Hey, Homeowners! These Little-Known Tax Deductions Can Save You Thousands
You probably already know that owning a home comes with some sweet tax benefits, like the mortgage-interest and property-tax deductions. But did you know there’s a whole list of other homeowner-related tax breaks that you might be leaving on the table?
We’re not talking chump change, either. Homeowners already save an average of $3,000 a year in taxes from mortgage-interest and property-tax deductions, according to the National Association of Realtors. When you add in some of the lesser-known homeowner tax breaks, you could really be amping up the savings—and beating the IRS at its own game.
Back in December, Congress passed the Protecting Americans From Tax Hikes Act of 2015, which extended many exemptions that were about to expire and made others permanent. But to reap the benefits, you first have to know about them.
So, here we go! Check out these common—and not-so-common—homeowner deductions that you should take advantage of this year:
1. Mortgage interest deduction
If you’ve taken out a loan to buy a house, you can deduct the interest you pay on a mortgage, with a balance of up to $1 million. To access this deduction, you will have to itemize rather than take the standard deduction. The savings here can add up in a big way. For example, if you’re in the 25% tax bracket and deduct $10,000 of mortgage interest, you can save $2,500.
Of course, there are some limitations. For example, if you’re helping a family member pay his or her mortgage, you can’t deduct that interest on your tax return.
2. Private mortgage insurance
Qualified homeowners can deduct payments for private mortgage insurance, or PMI, for a primary home. Sometimes you can take the deduction for a second property as well, as long as it isn’t a rental unit. Here’s the catch: This only applies if you got your loan in 2007 or later.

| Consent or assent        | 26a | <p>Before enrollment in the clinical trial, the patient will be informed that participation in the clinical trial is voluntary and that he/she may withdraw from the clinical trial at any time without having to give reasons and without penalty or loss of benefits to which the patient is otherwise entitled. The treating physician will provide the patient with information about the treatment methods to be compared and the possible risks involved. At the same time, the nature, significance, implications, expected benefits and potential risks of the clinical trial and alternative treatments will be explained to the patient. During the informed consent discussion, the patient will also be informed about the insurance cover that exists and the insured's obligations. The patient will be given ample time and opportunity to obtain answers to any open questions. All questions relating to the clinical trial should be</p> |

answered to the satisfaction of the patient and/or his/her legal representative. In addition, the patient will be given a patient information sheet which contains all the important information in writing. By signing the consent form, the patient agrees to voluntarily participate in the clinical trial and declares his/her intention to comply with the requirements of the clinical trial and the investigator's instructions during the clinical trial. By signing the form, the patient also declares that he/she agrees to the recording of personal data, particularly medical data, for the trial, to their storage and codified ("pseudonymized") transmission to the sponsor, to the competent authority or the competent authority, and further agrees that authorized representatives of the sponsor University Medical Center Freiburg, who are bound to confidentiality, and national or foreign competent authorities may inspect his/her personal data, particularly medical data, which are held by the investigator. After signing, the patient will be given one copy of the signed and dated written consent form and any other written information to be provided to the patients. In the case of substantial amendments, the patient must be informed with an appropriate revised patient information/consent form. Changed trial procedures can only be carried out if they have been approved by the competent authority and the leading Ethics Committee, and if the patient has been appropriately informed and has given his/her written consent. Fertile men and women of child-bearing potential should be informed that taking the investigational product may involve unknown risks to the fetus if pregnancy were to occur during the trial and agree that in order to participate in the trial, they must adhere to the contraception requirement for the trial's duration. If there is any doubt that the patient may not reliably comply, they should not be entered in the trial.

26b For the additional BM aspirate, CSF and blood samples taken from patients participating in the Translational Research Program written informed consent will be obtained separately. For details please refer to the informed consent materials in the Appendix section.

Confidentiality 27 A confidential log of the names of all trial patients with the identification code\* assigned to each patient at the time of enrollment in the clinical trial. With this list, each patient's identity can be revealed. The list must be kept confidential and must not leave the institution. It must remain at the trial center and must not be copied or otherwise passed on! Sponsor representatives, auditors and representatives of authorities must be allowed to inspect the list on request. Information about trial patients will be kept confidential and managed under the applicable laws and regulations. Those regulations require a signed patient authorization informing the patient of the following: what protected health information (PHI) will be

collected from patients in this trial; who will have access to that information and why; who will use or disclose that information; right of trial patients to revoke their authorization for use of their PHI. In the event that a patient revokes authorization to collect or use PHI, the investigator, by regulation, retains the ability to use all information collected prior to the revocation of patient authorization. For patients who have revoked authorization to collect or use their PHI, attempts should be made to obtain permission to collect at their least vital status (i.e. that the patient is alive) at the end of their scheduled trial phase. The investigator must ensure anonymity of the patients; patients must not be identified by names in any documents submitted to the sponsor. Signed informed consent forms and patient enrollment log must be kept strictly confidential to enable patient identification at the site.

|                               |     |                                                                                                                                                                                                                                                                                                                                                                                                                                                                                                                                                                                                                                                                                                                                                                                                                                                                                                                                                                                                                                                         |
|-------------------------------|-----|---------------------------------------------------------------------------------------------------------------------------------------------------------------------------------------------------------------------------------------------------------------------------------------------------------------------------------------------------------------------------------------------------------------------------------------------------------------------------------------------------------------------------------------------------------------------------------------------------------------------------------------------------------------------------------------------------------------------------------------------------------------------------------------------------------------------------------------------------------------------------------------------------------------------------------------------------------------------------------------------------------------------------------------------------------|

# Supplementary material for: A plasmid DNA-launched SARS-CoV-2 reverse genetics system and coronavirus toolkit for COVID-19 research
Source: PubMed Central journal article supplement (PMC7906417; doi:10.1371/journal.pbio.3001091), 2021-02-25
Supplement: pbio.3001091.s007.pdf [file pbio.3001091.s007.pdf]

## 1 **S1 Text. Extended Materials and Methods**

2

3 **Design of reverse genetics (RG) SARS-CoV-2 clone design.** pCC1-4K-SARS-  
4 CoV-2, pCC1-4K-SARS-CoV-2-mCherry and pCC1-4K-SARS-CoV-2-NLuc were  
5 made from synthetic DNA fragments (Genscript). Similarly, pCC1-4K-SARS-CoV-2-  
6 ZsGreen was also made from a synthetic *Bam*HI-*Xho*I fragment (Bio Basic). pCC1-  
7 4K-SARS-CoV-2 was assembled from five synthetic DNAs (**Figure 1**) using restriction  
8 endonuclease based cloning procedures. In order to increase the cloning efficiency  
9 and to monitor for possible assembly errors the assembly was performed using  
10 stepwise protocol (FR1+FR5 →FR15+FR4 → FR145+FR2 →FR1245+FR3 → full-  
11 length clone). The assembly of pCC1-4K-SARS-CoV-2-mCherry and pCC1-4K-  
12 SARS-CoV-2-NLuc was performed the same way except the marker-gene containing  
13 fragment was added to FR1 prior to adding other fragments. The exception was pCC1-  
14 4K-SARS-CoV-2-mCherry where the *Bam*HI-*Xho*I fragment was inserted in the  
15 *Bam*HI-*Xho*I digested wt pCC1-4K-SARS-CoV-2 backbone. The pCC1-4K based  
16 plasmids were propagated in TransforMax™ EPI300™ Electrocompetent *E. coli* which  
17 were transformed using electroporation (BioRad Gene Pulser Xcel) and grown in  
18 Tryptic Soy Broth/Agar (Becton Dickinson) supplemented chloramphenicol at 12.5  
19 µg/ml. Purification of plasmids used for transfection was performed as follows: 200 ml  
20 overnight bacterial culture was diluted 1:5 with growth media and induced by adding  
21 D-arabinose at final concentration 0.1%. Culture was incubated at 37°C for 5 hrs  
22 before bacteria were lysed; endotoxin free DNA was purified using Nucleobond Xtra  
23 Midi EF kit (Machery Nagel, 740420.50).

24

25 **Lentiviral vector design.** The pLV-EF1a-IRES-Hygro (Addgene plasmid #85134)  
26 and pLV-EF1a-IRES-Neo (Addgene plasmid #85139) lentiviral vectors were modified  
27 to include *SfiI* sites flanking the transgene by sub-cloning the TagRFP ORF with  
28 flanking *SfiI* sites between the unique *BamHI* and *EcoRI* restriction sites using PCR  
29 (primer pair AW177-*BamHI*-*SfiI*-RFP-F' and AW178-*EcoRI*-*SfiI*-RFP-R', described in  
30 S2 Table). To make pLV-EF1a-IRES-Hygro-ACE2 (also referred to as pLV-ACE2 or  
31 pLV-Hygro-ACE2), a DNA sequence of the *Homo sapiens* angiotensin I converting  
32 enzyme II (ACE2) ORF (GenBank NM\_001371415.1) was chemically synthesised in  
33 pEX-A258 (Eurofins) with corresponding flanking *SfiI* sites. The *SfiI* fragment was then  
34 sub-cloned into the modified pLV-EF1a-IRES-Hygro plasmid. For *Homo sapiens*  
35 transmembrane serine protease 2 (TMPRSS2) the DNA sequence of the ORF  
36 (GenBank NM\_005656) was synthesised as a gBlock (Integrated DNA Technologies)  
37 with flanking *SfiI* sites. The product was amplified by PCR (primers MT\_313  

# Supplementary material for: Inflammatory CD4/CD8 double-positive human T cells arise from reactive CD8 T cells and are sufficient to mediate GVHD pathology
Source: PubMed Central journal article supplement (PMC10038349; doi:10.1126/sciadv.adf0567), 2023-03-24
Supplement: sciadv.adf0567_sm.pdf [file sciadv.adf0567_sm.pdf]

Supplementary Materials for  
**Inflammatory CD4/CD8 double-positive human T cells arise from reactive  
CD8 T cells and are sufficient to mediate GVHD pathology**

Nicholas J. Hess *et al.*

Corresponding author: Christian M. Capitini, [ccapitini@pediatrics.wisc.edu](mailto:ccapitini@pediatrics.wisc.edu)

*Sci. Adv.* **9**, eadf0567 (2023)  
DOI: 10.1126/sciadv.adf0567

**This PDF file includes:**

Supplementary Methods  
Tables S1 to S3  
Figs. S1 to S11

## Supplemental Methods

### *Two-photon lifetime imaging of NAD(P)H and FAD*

Another restriction: This deduction only applies if your adjusted gross income is no more than $109,000 if married filing jointly or $54,500 if married filing separately.
3. Property taxes
4. Capital gains on a home sale
The dreaded capital gains tax can be avoided when the gain from selling your personal residence is less than $250,000 if you are a single taxpayer or $500,000 if you are a joint filer. To qualify, you must have owned and used the home as a primary residence for at least two years out of the five years leading up to the sale.
5. Medical improvements
If you’ve made improvements to your home to help meet medical needs, such as installing a ramp or a lift, you could deduct the expenses—but only the amount by which the cost of the improvements exceed the increase in your home’s value. (In other words, you can’t deduct the entire cost of the equipment or improvements.)
“A lot of this comes down to fact and circumstance,” says Gil Charney, director of The Tax Institute at H&R Block. “For example, if you’ve recently installed a heated therapy spa or hot tub in your home, you may be able to deduct the expense if there’s also evidence that, say, a physical therapist visits your home three times a week and you’re over a certain age.”
6. Home office
If you have a dedicated space in your home for work and it’s not used for anything else, you could deduct it as a home office expense.
“It doesn’t have to be an entire room,” Charney says. “It can just be a dedicated space.”
7. Renting out your home on occasion
If you rented out your home for, say, a major sports event like the Super Bowl or the World Series, or a cultural event such as Mardi Gras, the income on the rental could be totally tax free—as long as it was for only 14 days or fewer throughout the course of a year.
8. Discount points
Discount points, which are paid to lower the interest rate on a loan, can be deducted in full for the year in which they were paid. In addition, if you’re buying a home and the seller pays the points as an incentive to get you to buy the house, you can deduct those points, Charney explains.
9. Energy-efficiency tax credit
You can take advantage of an energy-efficiency tax credit of 10% of the amount paid (up to $500) for any green improvements, such as storm doors, energy-efficient windows, and air-conditioning and heating systems.
10. Loan forgiveness deduction
If you’re the owner of a foreclosed or short-sale home, you can take advantage of mortgage-debt forgiveness. For example, if you make a short sale of your primary home at $250,000 but owe $300,000 on your mortgage, the lender will forgive the extra $50,000 owed—and you don’t have to pay taxes on that amount.
For more tax tips, check out IRS Publication 530 for a list of what homeowners can (and cannot) deduct.